Bethesda, MD -- According to new research published in The FASEB Journal, a drop in blood zinc levels does not directly harm the blood vessel cells. Rather, zinc regulates the production of a small molecular compound, which then circulates in the blood and causes harmful blood vessel cell effects. Additionally, not only will having adequate amounts of zinc prevent the creation of this compound, but it can protect you when the compound is circulating in your blood.
"Zinc deficiency afflicts two billion people worldwide and our study has revealed a zinc-regulated small compound in blood that mediates the harmful effects of zinc deprivation," said John H. Beattie, Ph.D., a researcher involved in the work from the Rowett Institute of Nutrition and Health at the University of Aberdeen in Aberdeen, U.K. "Measurement of this compound in blood may prove very valuable, not only in assessing, for example, the risk of developing heart attack or stroke, but also as a diagnostic test for zinc status."
To make this discovery, Beattie and colleagues cultured cells from rat blood vessels and exposed them for 24 hours to the blood plasma from rats that had been given food low or adequate in zinc. Then they examined the gene expression profile to identify which genes changed when exposed to blood plasma from low zinc rats. Dramatic changes in some gene activities were found when comparing blood plasma treatments from low and adequate zinc rats. Then the scientists removed the zinc from the zinc-adequate blood plasma and saw that it had no effect on gene activity, suggesting that that there was a harmful compound produced in response to zinc deficiency and that its effects on blood vessel cells is abolished by zinc.
"Most people might think of zinc as a kind of food supplement," said Gerald Weissmann, M.D., Editor-in-Chief of The FASEB Journal, "but zinc deficiency is a serious matter. Understanding how zinc deficiency affects the body is important, not just because it can help us how to treat this deficiency, but also because it presents a new way to detect low zinc in the body that is faster and easier than current methods."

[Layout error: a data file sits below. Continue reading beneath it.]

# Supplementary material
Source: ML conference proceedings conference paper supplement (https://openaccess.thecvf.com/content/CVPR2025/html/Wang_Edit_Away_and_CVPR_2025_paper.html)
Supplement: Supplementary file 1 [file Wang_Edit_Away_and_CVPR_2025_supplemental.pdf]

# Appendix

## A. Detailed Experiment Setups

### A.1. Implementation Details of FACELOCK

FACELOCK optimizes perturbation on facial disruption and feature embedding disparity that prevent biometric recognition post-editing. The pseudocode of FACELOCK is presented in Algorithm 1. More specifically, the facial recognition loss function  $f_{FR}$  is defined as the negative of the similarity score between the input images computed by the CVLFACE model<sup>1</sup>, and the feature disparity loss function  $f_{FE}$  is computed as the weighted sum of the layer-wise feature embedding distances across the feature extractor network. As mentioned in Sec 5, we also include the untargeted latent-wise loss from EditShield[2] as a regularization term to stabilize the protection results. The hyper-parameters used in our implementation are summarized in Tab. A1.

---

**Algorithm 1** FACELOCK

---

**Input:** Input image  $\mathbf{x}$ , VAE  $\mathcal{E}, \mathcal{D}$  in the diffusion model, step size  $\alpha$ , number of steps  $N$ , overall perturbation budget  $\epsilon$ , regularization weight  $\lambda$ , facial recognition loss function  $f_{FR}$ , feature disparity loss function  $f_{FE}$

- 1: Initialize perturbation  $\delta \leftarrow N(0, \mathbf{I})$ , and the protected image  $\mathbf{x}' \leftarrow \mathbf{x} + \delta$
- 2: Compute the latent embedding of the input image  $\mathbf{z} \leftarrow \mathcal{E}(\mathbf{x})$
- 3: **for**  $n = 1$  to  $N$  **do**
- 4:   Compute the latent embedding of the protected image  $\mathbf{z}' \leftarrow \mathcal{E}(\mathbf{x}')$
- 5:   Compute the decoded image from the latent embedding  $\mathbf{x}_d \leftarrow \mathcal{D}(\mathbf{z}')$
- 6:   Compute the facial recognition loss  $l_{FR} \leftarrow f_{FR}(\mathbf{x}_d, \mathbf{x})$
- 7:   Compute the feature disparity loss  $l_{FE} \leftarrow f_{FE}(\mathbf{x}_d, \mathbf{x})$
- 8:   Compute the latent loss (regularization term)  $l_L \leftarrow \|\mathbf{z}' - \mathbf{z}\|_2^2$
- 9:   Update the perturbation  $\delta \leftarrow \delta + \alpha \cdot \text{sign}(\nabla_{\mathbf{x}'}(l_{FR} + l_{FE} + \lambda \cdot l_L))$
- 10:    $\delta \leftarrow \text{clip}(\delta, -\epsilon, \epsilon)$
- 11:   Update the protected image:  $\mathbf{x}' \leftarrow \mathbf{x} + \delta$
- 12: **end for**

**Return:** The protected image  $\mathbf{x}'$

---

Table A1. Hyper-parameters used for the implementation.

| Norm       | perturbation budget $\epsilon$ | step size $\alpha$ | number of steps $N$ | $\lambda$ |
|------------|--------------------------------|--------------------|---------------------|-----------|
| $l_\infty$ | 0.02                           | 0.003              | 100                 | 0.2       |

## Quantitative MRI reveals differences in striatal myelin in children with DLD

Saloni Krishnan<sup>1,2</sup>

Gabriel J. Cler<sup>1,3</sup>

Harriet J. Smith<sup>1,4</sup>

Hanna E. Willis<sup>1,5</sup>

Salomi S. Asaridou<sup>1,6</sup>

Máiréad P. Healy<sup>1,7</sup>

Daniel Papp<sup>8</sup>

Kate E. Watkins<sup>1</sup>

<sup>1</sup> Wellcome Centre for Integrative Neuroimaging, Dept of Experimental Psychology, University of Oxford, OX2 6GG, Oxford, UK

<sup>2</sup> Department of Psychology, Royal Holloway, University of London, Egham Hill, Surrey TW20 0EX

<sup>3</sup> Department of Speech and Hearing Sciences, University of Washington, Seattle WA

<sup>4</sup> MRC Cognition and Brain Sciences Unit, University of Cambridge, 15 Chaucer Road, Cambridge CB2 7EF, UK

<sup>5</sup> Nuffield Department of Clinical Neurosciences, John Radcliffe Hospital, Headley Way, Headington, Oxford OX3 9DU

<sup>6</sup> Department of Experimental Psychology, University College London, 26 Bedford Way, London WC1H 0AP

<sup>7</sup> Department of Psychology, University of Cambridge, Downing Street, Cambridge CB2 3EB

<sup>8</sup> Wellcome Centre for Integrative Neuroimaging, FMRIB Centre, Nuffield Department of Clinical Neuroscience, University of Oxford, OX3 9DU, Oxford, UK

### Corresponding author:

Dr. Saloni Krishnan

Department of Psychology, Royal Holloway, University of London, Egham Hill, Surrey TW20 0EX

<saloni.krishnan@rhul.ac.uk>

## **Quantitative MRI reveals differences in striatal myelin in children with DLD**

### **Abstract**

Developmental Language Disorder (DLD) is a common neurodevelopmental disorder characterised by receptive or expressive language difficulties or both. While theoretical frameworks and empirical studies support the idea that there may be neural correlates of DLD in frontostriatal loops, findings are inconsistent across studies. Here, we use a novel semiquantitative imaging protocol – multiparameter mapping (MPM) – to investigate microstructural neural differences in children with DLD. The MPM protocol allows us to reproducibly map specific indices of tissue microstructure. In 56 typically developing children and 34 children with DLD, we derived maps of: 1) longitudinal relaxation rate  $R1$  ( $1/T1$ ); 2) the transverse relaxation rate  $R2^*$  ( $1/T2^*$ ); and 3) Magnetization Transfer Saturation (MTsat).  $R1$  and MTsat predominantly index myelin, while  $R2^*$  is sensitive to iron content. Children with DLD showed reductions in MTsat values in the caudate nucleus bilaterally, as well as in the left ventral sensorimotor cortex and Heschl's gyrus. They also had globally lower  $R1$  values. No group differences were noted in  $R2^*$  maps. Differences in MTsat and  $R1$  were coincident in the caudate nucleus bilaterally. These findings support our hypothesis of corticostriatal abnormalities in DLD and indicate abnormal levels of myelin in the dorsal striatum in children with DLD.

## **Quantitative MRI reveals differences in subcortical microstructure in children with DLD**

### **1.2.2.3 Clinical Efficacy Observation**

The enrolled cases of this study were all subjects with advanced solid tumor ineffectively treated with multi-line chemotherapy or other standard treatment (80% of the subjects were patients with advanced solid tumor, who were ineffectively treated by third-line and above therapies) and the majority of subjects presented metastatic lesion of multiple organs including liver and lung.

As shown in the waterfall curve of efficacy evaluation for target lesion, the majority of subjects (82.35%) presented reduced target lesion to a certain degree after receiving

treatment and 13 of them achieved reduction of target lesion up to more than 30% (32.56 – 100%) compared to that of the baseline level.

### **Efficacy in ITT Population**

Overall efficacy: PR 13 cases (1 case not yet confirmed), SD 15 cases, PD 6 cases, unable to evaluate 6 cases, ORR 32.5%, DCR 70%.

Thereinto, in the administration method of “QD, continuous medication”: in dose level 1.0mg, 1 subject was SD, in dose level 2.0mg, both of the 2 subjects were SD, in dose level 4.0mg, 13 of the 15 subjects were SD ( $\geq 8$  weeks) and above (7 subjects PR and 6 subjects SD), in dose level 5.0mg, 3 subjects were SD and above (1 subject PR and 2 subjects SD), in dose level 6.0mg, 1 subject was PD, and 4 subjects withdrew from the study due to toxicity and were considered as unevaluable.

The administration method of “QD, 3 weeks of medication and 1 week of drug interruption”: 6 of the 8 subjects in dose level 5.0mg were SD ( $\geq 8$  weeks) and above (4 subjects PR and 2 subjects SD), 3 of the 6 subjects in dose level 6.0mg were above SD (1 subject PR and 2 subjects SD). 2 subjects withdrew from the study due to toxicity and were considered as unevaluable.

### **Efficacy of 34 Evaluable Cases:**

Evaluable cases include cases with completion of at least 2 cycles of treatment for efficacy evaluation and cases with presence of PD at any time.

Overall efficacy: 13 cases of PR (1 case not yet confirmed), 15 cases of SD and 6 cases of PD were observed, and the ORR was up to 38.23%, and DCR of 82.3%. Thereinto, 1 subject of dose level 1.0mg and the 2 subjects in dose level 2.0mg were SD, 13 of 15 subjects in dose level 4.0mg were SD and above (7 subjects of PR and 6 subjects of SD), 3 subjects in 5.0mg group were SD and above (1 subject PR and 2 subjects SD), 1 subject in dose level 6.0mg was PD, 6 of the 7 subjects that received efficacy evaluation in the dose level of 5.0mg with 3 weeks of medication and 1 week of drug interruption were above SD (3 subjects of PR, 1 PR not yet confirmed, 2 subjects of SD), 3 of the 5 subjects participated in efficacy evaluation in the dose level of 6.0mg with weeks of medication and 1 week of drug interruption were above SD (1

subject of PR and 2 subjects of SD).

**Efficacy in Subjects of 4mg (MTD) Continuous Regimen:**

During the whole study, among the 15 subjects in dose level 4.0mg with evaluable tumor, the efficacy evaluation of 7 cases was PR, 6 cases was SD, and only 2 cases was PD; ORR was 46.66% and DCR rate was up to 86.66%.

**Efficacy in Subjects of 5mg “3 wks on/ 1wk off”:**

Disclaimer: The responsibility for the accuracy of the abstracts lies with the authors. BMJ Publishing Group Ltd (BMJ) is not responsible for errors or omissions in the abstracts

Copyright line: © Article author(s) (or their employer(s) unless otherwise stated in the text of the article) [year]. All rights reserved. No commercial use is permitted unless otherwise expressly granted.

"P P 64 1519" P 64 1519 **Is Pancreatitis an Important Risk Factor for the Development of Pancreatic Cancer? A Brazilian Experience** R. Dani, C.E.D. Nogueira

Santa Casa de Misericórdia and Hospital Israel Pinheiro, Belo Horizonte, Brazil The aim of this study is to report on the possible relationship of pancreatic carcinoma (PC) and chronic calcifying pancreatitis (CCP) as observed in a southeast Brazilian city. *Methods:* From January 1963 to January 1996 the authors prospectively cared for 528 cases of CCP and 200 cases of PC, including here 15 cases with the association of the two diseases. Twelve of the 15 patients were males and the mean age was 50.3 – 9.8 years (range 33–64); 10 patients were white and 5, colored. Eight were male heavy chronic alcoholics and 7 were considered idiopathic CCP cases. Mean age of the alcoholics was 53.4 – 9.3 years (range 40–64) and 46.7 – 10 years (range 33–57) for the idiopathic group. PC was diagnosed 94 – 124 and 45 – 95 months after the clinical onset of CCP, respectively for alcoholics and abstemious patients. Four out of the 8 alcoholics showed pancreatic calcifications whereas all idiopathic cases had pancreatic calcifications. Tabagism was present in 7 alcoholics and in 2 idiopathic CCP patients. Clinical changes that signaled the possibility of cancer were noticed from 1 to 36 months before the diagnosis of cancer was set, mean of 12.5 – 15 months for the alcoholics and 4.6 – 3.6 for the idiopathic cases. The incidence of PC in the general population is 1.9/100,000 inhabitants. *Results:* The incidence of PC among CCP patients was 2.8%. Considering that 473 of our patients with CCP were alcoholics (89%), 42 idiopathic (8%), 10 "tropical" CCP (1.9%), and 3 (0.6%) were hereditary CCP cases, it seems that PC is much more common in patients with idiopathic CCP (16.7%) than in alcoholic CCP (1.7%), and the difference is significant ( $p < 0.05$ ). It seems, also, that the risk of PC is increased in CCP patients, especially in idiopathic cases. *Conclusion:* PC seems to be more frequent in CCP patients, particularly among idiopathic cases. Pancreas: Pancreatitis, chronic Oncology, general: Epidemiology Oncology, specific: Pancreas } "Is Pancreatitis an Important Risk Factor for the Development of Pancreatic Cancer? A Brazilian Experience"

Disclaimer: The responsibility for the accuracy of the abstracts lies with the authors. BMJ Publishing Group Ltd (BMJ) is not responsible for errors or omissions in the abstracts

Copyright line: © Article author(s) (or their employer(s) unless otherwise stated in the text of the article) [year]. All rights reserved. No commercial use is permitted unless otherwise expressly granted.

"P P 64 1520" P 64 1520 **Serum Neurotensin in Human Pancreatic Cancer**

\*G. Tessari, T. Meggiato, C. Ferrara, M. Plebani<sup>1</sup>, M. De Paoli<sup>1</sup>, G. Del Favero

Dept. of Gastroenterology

Receive monthly highlights from The FASEB Journal by e-mail. Sign up at http://www.faseb.org/fjupdate.aspx. The FASEB Journal is published by the Federation of the American Societies for Experimental Biology (FASEB). It is among the most cited biology journals worldwide according to the Institute for Scientific Information and has been recognized by the Special Libraries Association as one of the top 100 most influential biomedical journals of the past century.
FASEB is composed of 27 societies with more than 110,000 members, making it the largest coalition of biomedical research associations in the United States. Our mission is to advance health and welfare by promoting progress and education in biological and biomedical sciences through service to our member societies and collaborative advocacy.
Details: Ou Ou, Keith Allen-Redpath, Dagmar Urgast, Margaret-Jane Gordon, Gill Campbell, Jörg Feldmann, Graeme F. Nixon, Claus-Dieter Mayer, In-Sook Kwun, and John H. Beattie. Plasma zinc's alter ego is a low-molecular-weight humoral factor. FASEB J September 2013 27:3672-3682, doi:10.1096/fj.13-228791 ; http://www.fasebj.org/content/27/9/3672.abstract
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